Kandahar, Afghanistan The Canadian military and government remained tight-lipped Friday after a female soldier was found dead in her room at the Kandahar airbase.
A quick ramp ceremony was held Friday and the body of Major Michelle Mendes immediately started the long journey back to Canada.
Investigators are still working to piece together the circumstances of the 30-year-old's death Thursday, meaning few details about the incident or Maj. Mendes herself are being released. However, a military spokesman here did say that "enemy action has been ruled out."
Officials have refused to identify the Ottawa-based soldier's home unit.
They have confirmed that in Afghanistan she was assigned to Task Force Kandahar, Canada's headquarters operation. Her specific trade at headquarters has not been publicly specified and it is unclear how long she had been in theatre.
According to public records, this is not Maj. Mendes' first deployment to Afghanistan. She first deployed here in 2006 as a captain with the Ottawa-based 154 Squadron working in intelligence, according to a community newspaper profile published in August of that year.
In that article, published in the Colborne Chronicle, Maj. Mendes' mother, Dianne Knight, explained that her daughter, who graduated with a history degree in 2001 from Kingston's Royal Military College, wanted "an entire career in the army." Originally, Ms. Knight said in the article, her daughter planned to go into the infantry, but opted instead for intelligence.
"I was thrilled," Ms. Knight said. "It's right up her alley. She spends the majority of her time reading and analyzing things, and she's so good at it."
At the time, Ms. Knight said her daughter's outlook regarding the deployment was positive.
"I wouldn't say she's upset about going at all. A lot of her friends have been and come back, and a lot of her friends were going when she was going. She has a very positive attitude," she said.
Military officials in Kandahar said that Maj. Mendes' family has asked for privacy and will release a statement in the coming days. The 2006 newspaper profile identified her husband as Victor Mendes, who was at the time a soccer coach at RMC.
It is unclear if the pair had any children.
Maj. Mendes' death comes less than two months after Defence Minister Peter MacKay announced a $21-million plan to deliver better care to Canadian soldiers who are suffering from physical or mental wounds, including post-traumatic stress disorder.
The plan was a response to a damning report released last December by the military's ombudsman who slammed the government for being slow to implement better care for soldiers suffering operational stress injuries a need flagged in 2002.
The military is still struggling with the stigma their culture attaches to mental health problems.
It is unclear whether the death of Maj. Mendes has a mental health component, and those details are likely to remain fuzzy for quite some time. Typically, few details are released about the circumstances of non-combat soldier deaths and media queries about them are often stonewalled due to ongoing military investigations or privacy concerns.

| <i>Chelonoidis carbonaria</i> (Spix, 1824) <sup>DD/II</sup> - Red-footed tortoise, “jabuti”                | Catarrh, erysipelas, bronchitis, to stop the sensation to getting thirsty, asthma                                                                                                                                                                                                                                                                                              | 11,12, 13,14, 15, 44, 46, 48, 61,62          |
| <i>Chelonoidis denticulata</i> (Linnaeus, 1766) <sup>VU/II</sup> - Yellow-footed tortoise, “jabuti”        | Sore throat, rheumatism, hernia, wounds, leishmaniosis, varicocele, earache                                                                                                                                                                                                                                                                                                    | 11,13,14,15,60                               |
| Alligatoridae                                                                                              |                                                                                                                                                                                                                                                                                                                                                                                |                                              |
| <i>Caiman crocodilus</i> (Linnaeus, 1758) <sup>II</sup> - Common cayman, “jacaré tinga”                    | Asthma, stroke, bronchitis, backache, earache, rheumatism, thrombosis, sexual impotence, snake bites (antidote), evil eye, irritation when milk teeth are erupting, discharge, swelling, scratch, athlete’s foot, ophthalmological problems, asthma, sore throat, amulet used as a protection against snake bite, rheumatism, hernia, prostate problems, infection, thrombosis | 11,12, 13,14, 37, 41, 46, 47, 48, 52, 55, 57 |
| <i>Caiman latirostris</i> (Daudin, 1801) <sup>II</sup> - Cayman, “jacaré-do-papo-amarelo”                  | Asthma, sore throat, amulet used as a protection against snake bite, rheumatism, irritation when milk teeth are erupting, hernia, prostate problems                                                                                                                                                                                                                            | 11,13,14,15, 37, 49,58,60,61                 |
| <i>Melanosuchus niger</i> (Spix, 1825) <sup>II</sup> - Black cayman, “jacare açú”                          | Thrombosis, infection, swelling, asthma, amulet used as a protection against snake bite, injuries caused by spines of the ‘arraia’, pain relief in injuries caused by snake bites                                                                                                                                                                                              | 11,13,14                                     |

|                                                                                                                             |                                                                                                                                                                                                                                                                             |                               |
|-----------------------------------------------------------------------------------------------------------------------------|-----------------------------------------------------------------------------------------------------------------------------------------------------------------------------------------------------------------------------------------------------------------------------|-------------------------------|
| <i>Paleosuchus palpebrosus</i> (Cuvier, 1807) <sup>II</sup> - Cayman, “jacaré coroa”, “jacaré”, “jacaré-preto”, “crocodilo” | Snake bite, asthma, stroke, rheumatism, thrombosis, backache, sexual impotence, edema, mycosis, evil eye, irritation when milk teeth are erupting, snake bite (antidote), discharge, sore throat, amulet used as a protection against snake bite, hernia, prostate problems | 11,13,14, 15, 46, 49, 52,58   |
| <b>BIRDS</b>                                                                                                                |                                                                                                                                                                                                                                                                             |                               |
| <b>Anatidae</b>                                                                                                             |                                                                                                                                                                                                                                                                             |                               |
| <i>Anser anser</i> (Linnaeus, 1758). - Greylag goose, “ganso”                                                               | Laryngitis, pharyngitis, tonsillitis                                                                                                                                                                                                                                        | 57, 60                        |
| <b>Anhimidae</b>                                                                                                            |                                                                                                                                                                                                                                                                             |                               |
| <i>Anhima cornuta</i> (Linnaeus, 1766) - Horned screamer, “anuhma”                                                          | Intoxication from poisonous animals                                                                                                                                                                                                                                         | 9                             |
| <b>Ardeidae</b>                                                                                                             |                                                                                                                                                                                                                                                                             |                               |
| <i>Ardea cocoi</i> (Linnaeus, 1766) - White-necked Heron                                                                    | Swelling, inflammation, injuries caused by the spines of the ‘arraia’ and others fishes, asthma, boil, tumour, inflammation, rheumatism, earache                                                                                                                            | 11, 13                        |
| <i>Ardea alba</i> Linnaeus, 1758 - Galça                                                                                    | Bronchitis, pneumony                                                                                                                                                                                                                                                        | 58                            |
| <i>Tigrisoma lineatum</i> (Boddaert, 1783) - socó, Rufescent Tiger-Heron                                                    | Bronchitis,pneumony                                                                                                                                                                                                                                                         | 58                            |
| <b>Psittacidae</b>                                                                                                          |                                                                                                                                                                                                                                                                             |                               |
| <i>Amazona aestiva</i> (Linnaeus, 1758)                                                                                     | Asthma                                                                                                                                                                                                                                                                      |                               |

Only four other soldiers have died in non-combat scenarios in Afghanistan since Canada deployed forces here, but details of the cases are scant.
Military officials have only publicly acknowledged two of the cases were suicides.
One was the case of Major Raymond Ruckpaul, 42, who was found dead of a bullet wound in his Kabul sleeping quarters in August, 2007.
And officials recently determined the circumstance of the March, 2008, death of Bombardier Jérémie Ouellet was a self-inflicted gunshot wound. The 22-year-old artilleryman's body was found in his sleeping accommodations at the Kandahar base. At the time, a military investigation into his death was immediately launched. Members of his family have spoken out to say he was "not the type to commit suicide."
In April, 2007, Master Corporal Anthony Klumpenhouwer, 25, died at Kandahar Air Field after falling from a communications tower.
The most high-profile non-combat death of a Canadian in Kandahar has been that of Corporal Kevin Megeney, a 25-year-old east coast reservist, who died in hospital on base in March, 2007, after suffering a gunshot wound to his chest. His tent mate, Corporal Matthew Wilcox, also a reservist, was charged after a lengthy military investigation with multiple offences, including manslaughter, criminal negligence causing death and negligent performance of duty.
Although Cpl. Wilcox's proceedings have not been resolved, the case has stayed in headlines largely because the B.C. doctor who treated Cpl. Megeney published a graphic account of the soldier's final moments in the U.S. magazine Mother Jones. The story, which outraged Cpl. Megeney's family, describes the bullet having entered "his right chest, just below the armpit." It also contains the account of a witness who was "just walking by his tent and heard the shot", which "sounded like a 9-mm."
It remains unclear whether the weapon was discharged accidentally or not.
Outside of Afghanistan, two other Canadian soldiers died in non-combat-related incidents over the past year. Last July, Corporal Brendan Downey was found dead in his sleeping quarters at Camp Mirage, a little-known Canadian Forces base in the Arabian Desert that offers logistics support to troops in Afghanistan.
And last March, Corporal Stuart Howard Langridge of Victoria, B.C., was found dead in his room at Edmonton Garrison. Little has been said about his death, although investigators said early on that foul play had been ruled out.